Tuesday, April 24, 2012

Konnichiwa, Albarino-san!

During the winter, it can be difficult to find Albariño wines because many wine stores seem to feel it is more of a summer wine. Yet I strongly disagree with that reasoning as I believe Albariño is good year round. Sure, it is a perfect summer wine, yet its versatility in food pairing make it an excellent choice during any season. After tracking down a bottle of 2010 Burgan's Albariño, I brought it with me to Kyotoya, a Japanese restaurant in Stoneham, to assess its compatibility with that cuisine.

Albariño is an indigenous grape in Spain, and grows primarily in the Galicia region, in the northwest of Spain. It is the signature grape in the Denomination de Origin (D.O.) of Rías Baixas, which is also the only exclusively white wine D.O. in Spain. Though 12 grape varieties are permitted in Rias Baixas, Albariño is heavily dominant, representing 90% of all plantings. Interestingly, over half of the nearly 200 wineries in Rias Baixas have female winemakers. This has been a very recent change as back in 1990, there were few female winemakers. This surge of female winemakers has also accompanied a rise in higher quality and more complex Albariño wines.

The Burgan's Albariño is produced by the Bodegas Martín Códax, which was established in 1986 as a cooperative and now has about 285 members. The winery name is derived from the name of a famous 13th century Galician poet, more accurately known as a jogral, who composed a type of lyrical poetry called cantigas. A jogral is similar in a number respects to a troubador, though they are not nobles. The name Burgáns refers to the name of the slope where the winery is located.

The nose of the 2010 Burgan's Albariño is a compelling blend of citrus and other fruit smells and much of that fruit comes out in the flavors as well, including peach, lemon, apple and ripe pear. Accompanying these flavors, there is a subtle minerality and an almost sweetness to the ripe, full taste. The flavors linger in your mouth, providing a very pleasant finish. But how does it pair with Japanese cuisine? Actually, quite well.

Kyotoya is one of my favorite local restaurants and it creates some excellent and inexpensive Japanese cuisine. In addition, it is BYOB, so you can bring your own wine or beer and they do not even charge a corkage fee. Thus, Kyotoya provided a perfect opportunity to put the Albariño to the test with a variety of dishes.

We began the meal with some sushi, including tamago (egg omelet), maguro (yellowfin tuna) and salmon. With the raw fish, the fruit of the Albariño became more muted and the minerality surfaced. In addition, the wine helped to mellow some of the heat of the wasabi. A nice start to the meal and the Albariño was already showing some of its versatility.  Soon after, we were delivered some miso soup and salad, and the saltiness of the soup also mellowed the fruit flavors and sweetness, though without raising the minerality. The wine was now showing a different face, and that was very interesting.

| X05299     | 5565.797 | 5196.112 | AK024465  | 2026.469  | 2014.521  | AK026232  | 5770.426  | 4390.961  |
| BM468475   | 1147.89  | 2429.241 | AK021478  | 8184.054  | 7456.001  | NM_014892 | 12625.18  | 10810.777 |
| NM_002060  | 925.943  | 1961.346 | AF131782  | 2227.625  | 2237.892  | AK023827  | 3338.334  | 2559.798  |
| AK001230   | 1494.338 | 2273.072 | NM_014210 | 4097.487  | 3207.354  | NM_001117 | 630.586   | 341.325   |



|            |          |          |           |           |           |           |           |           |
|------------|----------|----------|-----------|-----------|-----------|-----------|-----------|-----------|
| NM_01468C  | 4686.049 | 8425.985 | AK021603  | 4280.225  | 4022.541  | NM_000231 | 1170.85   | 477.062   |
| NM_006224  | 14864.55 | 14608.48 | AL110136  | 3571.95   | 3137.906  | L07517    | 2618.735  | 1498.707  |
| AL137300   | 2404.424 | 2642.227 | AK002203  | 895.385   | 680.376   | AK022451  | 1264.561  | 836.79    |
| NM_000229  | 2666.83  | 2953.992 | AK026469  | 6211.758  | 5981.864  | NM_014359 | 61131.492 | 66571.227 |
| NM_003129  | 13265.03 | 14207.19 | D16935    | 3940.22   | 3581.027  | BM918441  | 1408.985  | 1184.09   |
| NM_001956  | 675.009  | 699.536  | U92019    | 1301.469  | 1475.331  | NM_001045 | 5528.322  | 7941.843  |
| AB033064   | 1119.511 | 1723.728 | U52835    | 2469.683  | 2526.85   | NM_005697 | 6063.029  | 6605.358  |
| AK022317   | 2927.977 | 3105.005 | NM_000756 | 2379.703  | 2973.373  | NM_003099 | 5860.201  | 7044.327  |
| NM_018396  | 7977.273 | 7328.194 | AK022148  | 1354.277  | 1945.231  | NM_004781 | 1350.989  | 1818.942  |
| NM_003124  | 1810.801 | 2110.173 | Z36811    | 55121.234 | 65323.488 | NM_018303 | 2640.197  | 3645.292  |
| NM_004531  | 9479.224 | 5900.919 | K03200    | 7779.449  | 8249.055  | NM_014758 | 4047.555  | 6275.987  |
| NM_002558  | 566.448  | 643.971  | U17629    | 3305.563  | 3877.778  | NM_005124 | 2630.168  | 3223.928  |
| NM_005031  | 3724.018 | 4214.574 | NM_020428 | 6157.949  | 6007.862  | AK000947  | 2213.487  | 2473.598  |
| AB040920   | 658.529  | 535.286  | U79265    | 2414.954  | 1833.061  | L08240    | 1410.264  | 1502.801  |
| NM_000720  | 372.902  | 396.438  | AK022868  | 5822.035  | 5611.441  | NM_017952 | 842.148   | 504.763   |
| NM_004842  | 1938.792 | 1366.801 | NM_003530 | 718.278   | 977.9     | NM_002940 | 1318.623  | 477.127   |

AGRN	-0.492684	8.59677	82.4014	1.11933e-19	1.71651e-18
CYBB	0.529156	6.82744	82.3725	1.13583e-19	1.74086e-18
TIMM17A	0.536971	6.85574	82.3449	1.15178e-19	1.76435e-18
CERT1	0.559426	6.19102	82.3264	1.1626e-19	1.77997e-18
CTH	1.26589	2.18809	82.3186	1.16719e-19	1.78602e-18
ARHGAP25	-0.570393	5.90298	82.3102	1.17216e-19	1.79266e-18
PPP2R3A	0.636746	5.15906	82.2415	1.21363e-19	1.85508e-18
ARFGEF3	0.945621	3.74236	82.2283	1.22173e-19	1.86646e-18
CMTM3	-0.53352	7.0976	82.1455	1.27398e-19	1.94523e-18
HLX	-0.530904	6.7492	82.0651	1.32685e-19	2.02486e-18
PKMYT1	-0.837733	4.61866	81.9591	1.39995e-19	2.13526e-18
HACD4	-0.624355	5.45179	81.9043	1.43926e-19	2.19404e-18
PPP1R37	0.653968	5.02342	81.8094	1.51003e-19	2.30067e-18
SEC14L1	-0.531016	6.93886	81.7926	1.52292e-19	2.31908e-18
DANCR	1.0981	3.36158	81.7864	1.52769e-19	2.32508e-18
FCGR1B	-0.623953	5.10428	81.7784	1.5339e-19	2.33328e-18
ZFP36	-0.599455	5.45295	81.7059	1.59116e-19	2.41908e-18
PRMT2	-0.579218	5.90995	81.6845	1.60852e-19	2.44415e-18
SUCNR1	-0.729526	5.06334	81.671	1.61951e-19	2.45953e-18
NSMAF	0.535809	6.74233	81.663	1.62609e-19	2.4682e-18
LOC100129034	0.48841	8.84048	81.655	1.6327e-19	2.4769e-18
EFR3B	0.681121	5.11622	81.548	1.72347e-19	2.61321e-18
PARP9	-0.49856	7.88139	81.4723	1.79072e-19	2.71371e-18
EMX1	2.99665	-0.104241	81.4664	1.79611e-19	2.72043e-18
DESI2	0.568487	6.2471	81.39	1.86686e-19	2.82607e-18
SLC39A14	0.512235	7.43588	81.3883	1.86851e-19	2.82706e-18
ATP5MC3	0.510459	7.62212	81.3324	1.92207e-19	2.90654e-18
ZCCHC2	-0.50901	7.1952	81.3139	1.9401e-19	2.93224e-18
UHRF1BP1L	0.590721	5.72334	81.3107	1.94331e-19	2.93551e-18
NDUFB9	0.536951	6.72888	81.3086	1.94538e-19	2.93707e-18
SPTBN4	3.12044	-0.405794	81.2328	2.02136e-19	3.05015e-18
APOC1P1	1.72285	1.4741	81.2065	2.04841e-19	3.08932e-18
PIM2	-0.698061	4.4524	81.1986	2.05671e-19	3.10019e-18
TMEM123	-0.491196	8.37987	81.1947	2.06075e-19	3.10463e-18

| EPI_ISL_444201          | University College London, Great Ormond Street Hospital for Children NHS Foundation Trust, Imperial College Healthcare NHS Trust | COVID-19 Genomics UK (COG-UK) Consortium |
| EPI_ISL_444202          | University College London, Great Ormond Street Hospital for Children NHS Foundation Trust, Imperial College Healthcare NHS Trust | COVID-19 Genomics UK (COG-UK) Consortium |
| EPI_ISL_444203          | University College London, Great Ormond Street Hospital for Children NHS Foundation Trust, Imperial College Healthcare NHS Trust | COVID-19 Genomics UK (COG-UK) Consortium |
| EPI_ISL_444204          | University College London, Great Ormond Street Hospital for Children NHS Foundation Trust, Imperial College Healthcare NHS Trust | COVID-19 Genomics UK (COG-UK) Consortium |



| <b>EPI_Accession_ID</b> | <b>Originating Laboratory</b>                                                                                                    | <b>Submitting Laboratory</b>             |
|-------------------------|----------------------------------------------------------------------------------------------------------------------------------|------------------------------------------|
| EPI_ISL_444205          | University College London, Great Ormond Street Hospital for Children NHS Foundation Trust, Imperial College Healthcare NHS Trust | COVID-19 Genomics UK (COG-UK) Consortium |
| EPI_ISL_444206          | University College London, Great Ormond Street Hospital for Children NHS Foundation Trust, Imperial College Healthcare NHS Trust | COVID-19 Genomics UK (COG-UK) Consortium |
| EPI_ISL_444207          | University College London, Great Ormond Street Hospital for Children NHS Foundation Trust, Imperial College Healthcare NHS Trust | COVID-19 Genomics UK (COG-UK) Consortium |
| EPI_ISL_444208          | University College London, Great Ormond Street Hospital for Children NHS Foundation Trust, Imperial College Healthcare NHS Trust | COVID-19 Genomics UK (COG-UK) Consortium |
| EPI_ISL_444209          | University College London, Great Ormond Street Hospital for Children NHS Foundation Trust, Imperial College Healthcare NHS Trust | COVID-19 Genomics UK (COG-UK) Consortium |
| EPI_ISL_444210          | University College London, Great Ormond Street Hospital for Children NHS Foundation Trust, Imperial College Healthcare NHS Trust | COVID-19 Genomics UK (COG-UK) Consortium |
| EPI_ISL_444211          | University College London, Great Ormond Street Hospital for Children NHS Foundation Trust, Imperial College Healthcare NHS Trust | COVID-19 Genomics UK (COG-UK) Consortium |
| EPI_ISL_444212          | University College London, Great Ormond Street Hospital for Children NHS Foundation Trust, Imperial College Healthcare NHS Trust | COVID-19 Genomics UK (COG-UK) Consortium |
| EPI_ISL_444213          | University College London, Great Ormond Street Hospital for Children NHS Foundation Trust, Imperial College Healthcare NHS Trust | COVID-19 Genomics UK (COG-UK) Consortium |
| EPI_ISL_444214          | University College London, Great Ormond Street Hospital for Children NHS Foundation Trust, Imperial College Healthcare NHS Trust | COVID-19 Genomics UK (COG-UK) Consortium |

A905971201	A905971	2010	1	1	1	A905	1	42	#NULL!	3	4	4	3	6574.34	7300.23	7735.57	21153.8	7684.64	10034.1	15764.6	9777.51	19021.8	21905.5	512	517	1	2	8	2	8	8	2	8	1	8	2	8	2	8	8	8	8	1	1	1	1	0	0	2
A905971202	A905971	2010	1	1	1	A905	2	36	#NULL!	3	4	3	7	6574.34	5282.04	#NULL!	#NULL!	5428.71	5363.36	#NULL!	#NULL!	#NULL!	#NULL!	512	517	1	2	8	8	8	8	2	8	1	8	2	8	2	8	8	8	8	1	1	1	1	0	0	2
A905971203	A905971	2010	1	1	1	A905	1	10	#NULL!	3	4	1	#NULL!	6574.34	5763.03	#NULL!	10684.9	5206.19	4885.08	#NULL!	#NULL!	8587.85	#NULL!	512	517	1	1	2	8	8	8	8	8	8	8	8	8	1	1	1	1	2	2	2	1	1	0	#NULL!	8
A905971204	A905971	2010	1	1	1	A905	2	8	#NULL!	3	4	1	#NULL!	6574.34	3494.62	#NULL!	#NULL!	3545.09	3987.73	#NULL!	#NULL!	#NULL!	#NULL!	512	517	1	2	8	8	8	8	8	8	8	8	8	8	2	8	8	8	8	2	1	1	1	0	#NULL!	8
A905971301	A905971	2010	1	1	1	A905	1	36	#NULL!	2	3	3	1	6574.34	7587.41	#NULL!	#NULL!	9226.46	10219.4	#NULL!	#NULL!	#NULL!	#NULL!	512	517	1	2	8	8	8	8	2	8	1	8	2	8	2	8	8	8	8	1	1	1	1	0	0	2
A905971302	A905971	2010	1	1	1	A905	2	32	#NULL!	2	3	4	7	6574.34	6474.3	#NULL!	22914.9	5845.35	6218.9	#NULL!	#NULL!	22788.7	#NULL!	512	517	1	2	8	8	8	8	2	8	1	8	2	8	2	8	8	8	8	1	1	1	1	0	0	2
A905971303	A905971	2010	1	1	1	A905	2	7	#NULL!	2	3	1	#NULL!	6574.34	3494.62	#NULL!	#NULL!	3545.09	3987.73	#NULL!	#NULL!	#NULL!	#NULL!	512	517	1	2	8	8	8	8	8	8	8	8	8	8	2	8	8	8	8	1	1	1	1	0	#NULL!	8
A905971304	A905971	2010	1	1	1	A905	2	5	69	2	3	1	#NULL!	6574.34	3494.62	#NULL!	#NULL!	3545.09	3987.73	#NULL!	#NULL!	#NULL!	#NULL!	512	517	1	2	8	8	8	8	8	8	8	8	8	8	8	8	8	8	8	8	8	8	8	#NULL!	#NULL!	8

Kyotoya has superb tempura, shrimp and vegetables, which is perfectly light and crispy. Frankly, it is one of the best tempura I have ever tasted.  The Albariño made a fine match, the flavors of both the food and wine complementing each other, though taking on a different flavor than when it has been paired with the sushi and miso. The clean flavors of the tempura worked well with the fruit of the Albariño, and the wine also worked as a palate cleanser.

The crisp gyoza, fried dumplings, did as well as the tempura with the Albariño, and the wine was not bothered by the slightly earthier filling inside the gyoza.

Beef and white wine? Not always a first choice but it can work sometimes. We tried an order of Beef Tataki, thinly sliced, rare beef in a ponzu sauce. Ponzu sauce is citrus based and those flavors matched well the citrus found in the Albariño, so the pairing actually worked. The wine was also rich enough to handle the silky, tender beef. I could easily see the Albariño with a beef carpaccio too.

The Tatsuta Age, ginger battered fried chicken, brought out another side of the Albariño, emphasizing almost a spicy undertone while once again muting some of the perceived sweetness. In some respects, the Albariño reminded me of Sybil, with all of the different personalities it was evidencing, each brought on by a different food pairing.

One of my favorites dishes at Kyotoya is the Unagi Sandwich, which has pieces of eel sandwiched between slices of sweet potato tempura and topped by a type of barbecue sauce. The sweetness of the sauce complemented the wine, while the wine also handled the tempura and strong eel taste. Another winning pairing.

Finally, we ended with Salmon Teriyaki, and once again the sweetness of the sauce was an excellent complement to the fruity Albariño, while the salmon flavors were not overpowered by the wine and seemed to extract a bit more minerality out of the wine. I knew seafood paired well with Albariño but it was nice to learn that Asian flavors also worked well too.

I believe my Japanese excursion provided more evidence of the versatility of Albariño in food pairing, as well as indicating its diverse personality, how it changes in taste and style dependent on the specific food with which it is accompanied. Sometimes it is more fruity while other times the minerality is more dominant. It can handle spicy flavors, seafood, fried foods and even beef. Don't think about Albariño as just a summer wine, but enjoy it year round and don't be afraid to experiment with food pairings.

(This was originally posted on the Albariño Explorers Blog, and they also paid for my dinner and wine, though I had the choice of which wine to select and which restaurant to visit. All of the opinions stated in this post are my own.)

1 comment:

RedMercury said...

mmm....nice pic)))